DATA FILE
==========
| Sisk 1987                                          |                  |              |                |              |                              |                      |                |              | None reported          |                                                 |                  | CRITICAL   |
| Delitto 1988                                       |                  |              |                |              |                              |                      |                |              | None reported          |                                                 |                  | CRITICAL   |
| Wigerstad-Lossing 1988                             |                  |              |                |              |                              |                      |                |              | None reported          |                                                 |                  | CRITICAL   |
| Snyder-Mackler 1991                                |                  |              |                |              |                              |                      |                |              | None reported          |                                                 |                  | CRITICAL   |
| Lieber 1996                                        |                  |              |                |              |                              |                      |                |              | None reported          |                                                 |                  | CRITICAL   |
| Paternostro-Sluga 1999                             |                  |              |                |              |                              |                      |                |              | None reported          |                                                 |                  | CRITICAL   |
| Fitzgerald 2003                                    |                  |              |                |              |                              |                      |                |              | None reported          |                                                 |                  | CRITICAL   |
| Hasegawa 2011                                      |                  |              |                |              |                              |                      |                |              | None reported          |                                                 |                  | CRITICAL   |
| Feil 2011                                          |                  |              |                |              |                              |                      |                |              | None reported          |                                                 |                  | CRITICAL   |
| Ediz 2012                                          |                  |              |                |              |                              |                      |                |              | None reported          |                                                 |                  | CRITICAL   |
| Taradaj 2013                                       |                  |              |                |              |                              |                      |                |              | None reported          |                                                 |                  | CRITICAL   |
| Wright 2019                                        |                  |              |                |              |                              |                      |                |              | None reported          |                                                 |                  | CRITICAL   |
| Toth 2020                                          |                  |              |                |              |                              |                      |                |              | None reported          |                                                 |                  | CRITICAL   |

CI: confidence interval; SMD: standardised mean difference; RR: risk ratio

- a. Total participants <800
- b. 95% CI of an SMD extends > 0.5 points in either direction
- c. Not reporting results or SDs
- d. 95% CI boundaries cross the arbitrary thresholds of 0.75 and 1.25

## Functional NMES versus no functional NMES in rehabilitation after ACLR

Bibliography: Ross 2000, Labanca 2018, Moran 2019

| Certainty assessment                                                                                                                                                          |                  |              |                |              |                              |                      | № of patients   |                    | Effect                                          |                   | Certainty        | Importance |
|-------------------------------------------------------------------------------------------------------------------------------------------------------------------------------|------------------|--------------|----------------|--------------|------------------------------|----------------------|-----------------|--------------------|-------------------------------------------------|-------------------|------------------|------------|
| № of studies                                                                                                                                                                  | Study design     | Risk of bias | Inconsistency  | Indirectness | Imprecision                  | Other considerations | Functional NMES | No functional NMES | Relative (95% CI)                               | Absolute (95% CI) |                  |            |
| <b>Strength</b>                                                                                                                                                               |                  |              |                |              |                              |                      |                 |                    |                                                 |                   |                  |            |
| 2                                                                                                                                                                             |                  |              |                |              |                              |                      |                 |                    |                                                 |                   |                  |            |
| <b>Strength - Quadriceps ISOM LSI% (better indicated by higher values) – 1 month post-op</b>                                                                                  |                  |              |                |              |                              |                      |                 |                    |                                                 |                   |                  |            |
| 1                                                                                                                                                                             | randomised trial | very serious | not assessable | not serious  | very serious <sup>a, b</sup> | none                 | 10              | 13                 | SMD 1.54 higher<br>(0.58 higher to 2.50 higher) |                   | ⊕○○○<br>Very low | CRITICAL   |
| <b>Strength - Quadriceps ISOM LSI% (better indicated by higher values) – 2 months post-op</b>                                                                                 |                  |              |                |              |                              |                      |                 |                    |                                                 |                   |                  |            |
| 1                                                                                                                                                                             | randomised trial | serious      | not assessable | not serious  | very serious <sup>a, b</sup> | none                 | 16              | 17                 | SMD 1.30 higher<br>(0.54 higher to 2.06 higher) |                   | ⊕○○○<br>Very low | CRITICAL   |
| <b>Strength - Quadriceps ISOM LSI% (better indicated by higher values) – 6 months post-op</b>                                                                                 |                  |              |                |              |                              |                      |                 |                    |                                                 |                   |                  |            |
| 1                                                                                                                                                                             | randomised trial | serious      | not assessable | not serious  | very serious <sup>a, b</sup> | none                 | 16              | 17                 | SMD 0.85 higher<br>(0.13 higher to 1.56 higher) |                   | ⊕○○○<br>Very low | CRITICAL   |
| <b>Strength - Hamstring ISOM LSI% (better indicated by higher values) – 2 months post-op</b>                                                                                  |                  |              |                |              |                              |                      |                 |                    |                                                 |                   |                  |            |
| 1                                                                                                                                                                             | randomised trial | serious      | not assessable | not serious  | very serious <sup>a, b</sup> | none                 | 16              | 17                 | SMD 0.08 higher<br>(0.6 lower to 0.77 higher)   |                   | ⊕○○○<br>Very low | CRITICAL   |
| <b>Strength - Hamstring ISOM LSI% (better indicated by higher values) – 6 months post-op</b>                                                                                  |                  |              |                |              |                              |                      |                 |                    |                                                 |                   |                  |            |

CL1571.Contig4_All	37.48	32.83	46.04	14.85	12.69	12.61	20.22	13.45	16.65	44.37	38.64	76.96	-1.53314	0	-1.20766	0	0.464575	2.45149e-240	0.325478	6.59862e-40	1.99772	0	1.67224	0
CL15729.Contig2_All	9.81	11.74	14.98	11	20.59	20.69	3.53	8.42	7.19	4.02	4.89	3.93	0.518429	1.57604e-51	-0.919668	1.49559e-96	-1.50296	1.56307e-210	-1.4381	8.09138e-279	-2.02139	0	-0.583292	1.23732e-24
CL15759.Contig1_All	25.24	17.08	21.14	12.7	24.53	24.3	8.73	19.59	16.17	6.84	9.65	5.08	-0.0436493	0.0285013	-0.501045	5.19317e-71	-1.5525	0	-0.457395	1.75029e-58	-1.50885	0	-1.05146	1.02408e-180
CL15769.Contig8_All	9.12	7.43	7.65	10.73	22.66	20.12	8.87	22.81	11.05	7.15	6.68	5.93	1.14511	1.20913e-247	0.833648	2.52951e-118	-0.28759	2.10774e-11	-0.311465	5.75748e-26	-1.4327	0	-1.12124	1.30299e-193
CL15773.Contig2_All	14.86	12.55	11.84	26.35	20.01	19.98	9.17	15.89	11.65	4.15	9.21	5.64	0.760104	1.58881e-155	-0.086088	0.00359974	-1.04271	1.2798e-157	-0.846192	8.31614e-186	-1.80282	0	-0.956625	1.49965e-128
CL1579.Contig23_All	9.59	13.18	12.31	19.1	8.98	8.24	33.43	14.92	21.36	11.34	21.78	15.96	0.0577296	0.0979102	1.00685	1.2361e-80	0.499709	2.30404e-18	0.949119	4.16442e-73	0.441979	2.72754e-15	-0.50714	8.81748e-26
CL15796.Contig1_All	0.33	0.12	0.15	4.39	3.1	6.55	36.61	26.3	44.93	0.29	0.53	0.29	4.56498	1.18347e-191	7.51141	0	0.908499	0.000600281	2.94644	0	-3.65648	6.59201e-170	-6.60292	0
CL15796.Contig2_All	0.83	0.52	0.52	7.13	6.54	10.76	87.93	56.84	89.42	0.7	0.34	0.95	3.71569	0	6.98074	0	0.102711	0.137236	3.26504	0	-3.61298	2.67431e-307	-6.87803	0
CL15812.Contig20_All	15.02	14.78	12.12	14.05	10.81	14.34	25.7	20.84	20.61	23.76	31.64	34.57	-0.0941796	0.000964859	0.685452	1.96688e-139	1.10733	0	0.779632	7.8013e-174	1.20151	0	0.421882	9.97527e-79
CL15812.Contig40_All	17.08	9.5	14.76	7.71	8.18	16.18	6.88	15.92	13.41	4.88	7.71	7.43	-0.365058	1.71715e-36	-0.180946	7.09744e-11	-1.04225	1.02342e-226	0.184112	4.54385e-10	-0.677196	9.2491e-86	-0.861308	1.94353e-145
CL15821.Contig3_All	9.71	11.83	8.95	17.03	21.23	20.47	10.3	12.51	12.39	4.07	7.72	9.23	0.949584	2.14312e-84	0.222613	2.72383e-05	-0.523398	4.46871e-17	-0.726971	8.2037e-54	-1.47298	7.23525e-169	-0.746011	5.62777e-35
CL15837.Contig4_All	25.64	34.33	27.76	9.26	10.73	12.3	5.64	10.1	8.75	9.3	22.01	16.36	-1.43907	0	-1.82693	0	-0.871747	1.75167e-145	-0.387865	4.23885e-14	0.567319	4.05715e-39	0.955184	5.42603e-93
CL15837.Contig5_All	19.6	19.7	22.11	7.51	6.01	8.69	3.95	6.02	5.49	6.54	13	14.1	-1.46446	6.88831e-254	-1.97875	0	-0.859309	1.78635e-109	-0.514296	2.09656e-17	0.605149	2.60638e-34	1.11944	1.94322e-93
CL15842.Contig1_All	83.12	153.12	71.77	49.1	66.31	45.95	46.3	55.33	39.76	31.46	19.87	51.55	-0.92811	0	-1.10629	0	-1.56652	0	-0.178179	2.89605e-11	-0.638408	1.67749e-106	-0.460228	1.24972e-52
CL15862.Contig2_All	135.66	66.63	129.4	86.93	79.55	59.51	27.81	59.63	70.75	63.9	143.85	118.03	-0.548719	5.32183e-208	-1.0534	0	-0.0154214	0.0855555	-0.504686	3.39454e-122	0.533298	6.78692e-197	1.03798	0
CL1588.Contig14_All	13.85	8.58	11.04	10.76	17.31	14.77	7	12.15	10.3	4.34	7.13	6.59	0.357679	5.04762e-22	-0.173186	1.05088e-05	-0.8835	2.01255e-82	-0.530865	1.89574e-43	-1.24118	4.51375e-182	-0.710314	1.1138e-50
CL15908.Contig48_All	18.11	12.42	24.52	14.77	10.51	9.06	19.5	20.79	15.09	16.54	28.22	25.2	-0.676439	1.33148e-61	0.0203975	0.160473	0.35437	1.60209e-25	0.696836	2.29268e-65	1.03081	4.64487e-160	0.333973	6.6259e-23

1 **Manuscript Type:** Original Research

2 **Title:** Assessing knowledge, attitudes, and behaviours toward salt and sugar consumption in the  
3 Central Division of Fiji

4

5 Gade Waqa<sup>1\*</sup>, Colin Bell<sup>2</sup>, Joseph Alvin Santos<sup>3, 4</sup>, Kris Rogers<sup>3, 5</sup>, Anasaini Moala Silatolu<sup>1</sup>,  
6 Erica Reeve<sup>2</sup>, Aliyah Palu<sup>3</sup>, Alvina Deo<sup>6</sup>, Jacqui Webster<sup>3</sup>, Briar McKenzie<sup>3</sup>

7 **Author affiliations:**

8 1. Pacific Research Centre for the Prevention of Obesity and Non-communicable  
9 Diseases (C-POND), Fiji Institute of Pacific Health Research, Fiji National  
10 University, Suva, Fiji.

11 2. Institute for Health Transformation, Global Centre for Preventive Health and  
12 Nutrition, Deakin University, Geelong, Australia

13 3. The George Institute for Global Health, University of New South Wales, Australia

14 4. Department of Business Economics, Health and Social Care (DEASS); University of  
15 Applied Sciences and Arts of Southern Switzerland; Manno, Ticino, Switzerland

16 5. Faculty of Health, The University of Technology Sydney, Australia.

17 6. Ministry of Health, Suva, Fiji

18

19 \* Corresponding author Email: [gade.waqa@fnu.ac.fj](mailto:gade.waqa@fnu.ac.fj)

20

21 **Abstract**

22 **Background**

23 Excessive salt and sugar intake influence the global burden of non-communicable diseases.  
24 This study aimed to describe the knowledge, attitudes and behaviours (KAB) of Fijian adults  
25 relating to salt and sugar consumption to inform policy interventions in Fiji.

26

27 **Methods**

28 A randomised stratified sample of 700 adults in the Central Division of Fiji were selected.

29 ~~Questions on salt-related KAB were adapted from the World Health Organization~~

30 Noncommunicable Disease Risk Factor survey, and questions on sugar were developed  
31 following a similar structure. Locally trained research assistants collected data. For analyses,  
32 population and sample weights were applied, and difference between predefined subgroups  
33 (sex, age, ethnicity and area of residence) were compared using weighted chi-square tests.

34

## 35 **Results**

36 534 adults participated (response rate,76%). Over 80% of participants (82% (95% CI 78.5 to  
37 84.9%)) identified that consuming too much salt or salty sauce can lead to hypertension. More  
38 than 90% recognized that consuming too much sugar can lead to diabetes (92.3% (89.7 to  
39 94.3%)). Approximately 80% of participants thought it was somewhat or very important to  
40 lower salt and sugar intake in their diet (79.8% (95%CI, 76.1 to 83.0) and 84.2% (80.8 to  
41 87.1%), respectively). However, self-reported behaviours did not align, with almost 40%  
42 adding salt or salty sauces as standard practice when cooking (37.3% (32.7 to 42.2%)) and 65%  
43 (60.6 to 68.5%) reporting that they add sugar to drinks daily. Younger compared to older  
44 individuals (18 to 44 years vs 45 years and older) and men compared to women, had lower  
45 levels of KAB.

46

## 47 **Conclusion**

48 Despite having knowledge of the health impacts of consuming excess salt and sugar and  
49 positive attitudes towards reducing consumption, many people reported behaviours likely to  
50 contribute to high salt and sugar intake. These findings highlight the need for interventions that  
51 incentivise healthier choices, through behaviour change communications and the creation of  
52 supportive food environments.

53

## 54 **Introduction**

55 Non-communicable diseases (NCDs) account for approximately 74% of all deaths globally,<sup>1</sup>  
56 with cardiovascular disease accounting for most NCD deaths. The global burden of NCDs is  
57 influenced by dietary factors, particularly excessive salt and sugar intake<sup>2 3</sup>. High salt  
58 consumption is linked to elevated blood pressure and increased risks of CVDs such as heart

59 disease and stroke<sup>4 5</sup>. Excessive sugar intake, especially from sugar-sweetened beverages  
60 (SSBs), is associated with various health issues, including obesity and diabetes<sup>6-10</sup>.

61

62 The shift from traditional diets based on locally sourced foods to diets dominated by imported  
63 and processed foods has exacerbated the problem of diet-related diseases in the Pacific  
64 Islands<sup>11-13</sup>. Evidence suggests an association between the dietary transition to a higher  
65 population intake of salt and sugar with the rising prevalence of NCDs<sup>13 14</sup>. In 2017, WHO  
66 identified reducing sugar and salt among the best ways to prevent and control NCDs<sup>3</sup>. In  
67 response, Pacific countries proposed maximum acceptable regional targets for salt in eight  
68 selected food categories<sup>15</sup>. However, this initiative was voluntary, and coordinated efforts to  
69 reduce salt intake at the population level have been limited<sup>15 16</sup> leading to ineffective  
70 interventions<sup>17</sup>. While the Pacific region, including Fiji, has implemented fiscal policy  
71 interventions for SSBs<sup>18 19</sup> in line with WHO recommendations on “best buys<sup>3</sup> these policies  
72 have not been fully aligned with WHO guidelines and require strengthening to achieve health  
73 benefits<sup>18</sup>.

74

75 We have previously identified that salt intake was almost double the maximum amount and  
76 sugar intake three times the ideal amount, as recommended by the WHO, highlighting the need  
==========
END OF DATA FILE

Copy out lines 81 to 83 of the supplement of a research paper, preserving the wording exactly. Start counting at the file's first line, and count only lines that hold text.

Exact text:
30 Noncommunicable Disease Risk Factor survey, and questions on sugar were developed  
31 following a similar structure. Locally trained research assistants collected data. For analyses,  
32 population and sample weights were applied, and difference between predefined subgroups  